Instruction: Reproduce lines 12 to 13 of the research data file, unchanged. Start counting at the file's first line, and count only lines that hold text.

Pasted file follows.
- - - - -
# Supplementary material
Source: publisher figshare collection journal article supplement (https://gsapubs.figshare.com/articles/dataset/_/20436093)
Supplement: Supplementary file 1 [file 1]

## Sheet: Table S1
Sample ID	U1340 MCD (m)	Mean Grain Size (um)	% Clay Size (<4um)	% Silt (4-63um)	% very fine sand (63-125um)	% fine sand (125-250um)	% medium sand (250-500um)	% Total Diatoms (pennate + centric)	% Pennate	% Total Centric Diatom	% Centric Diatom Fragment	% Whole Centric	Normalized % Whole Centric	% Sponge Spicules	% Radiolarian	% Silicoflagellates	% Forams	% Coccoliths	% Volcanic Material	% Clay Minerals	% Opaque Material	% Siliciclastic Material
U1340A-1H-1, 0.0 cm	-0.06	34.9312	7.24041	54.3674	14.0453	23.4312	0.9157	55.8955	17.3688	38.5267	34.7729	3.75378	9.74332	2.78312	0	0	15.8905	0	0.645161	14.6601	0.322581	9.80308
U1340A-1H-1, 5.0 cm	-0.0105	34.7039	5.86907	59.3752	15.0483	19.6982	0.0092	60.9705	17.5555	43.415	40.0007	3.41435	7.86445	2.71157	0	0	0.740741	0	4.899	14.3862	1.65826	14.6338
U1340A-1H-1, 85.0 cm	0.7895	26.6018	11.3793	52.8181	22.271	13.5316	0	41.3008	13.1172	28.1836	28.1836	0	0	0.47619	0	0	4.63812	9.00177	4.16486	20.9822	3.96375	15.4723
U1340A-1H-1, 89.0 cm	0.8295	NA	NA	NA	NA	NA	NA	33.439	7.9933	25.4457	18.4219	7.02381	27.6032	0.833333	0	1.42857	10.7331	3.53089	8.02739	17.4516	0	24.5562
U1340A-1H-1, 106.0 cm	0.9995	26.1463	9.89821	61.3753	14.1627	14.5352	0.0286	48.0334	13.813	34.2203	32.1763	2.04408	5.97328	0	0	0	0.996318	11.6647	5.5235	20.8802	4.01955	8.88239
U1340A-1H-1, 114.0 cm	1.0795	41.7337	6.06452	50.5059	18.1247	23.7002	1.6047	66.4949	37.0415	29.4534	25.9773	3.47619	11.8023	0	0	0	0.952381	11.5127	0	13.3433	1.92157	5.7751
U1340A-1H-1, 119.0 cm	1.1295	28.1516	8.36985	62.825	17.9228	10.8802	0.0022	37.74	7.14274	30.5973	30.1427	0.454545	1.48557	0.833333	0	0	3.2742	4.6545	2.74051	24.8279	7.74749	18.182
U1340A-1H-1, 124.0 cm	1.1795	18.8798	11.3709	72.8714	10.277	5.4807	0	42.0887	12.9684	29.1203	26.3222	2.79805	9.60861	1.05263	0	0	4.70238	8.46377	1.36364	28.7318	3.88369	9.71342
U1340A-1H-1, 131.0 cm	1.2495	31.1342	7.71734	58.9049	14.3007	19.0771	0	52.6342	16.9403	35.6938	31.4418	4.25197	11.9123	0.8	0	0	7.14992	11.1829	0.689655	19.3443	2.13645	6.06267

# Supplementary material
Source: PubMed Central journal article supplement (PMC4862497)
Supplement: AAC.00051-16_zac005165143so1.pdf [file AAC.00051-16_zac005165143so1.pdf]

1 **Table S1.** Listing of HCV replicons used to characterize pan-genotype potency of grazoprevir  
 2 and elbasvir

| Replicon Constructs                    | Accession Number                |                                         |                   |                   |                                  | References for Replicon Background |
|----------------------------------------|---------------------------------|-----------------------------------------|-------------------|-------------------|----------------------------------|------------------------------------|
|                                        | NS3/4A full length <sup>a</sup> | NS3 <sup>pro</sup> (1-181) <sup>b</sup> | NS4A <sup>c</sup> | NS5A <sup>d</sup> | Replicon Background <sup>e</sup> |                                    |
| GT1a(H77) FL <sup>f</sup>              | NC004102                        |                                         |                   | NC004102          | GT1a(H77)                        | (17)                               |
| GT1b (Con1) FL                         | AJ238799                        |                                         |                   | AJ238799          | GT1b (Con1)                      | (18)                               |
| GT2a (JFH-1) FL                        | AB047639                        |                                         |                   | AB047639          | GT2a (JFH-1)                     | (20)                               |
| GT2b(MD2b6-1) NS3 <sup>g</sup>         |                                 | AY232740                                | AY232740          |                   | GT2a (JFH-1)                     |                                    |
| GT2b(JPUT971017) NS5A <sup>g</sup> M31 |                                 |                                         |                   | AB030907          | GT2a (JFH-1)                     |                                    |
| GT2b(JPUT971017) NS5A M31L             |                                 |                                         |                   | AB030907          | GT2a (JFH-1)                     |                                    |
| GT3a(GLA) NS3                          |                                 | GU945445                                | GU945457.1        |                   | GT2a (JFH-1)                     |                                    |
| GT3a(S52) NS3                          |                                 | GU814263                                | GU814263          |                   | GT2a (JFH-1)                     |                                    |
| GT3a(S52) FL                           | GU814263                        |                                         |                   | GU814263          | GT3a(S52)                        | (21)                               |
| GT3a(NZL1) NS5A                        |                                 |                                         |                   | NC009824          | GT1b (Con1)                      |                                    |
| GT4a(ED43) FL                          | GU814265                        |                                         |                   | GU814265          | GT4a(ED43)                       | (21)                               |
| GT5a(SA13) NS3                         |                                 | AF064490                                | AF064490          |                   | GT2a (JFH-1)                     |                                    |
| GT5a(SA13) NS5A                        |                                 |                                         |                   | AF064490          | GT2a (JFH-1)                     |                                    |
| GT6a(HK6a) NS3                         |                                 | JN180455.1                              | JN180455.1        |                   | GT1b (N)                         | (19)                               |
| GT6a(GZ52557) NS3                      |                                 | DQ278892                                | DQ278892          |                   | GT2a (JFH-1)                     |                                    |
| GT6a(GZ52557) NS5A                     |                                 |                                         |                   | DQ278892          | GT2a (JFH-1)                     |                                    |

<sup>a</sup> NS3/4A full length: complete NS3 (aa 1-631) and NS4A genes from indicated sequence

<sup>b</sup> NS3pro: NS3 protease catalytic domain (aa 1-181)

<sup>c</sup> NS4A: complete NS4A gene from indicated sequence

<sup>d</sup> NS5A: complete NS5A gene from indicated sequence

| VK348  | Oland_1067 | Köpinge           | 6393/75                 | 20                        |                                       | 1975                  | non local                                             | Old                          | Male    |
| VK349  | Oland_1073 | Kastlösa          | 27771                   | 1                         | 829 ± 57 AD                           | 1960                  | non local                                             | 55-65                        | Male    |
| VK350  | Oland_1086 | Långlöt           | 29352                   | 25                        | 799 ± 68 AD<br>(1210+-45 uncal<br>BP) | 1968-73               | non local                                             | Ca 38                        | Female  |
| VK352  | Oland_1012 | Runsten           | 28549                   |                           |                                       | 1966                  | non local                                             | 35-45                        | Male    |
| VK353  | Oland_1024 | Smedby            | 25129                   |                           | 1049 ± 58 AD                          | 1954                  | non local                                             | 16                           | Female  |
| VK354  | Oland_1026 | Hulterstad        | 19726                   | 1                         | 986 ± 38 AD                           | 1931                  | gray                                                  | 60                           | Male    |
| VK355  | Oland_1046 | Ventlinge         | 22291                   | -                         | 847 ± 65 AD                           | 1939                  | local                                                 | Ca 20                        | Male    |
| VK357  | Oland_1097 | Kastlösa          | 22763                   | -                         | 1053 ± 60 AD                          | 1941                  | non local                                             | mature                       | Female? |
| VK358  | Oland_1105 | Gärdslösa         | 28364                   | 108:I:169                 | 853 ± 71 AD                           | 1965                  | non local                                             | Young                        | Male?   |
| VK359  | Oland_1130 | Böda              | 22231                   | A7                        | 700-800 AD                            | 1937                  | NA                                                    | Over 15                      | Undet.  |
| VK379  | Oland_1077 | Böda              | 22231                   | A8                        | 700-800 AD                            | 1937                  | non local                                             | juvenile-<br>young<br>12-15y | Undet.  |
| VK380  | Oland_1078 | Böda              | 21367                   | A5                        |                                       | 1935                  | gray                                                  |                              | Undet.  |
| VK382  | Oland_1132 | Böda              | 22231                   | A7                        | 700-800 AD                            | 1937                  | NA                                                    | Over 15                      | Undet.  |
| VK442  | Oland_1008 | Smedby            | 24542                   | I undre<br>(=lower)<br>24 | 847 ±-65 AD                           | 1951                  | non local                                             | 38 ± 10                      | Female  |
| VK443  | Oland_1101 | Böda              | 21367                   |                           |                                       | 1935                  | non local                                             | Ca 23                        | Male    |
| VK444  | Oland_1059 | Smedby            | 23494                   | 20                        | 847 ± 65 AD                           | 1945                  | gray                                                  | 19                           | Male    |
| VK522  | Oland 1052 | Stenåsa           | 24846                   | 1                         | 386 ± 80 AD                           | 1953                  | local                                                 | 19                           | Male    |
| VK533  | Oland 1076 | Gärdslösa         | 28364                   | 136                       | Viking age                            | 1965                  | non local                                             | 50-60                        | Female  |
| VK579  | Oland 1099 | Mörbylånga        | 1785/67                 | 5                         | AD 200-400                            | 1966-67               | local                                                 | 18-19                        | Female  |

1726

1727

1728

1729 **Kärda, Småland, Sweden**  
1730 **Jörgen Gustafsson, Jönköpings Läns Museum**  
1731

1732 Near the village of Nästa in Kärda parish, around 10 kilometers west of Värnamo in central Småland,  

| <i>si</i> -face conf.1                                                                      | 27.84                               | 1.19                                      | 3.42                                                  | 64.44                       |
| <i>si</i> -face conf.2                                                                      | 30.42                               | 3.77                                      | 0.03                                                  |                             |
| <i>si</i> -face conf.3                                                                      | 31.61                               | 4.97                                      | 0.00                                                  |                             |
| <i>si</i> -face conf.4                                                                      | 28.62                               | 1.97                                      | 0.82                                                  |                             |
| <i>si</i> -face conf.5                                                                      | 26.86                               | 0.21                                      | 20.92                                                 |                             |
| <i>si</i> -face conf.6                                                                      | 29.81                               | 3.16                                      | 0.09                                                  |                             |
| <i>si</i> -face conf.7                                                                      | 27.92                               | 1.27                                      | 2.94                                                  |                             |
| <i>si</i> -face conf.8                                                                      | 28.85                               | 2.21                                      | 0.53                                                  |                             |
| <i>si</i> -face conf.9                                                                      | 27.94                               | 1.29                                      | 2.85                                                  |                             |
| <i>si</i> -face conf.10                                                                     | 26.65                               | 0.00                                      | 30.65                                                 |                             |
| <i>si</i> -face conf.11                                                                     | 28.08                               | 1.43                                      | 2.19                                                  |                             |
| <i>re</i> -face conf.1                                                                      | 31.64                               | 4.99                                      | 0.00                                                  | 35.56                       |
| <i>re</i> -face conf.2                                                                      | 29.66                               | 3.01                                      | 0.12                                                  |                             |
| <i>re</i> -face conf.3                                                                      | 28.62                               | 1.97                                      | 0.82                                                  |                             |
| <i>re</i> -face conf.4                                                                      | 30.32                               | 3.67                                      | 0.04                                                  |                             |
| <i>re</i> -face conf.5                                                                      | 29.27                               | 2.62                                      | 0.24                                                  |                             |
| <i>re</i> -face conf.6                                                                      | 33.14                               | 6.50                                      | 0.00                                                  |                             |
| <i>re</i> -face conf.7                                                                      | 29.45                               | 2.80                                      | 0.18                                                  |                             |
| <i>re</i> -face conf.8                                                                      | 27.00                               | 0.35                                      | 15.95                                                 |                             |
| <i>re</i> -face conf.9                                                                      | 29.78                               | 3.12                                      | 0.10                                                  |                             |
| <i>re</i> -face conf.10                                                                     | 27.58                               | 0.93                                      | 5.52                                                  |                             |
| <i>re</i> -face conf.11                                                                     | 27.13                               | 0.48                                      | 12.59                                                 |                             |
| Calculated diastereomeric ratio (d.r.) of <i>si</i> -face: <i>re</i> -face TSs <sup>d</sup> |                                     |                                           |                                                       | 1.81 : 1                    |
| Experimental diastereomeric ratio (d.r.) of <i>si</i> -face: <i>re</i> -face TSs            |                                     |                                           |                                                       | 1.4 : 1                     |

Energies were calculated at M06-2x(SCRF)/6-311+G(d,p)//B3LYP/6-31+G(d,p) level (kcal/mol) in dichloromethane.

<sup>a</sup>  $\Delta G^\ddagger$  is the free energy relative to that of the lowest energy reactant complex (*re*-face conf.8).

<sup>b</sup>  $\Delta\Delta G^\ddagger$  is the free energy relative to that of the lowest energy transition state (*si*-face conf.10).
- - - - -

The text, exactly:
U1340A-1H-1, 119.0 cm	1.1295	28.1516	8.36985	62.825	17.9228	10.8802	0.0022	37.74	7.14274	30.5973	30.1427	0.454545	1.48557	0.833333	0	0	3.2742	4.6545	2.74051	24.8279	7.74749	18.182
U1340A-1H-1, 124.0 cm	1.1795	18.8798	11.3709	72.8714	10.277	5.4807	0	42.0887	12.9684	29.1203	26.3222	2.79805	9.60861	1.05263	0	0	4.70238	8.46377	1.36364	28.7318	3.88369	9.71342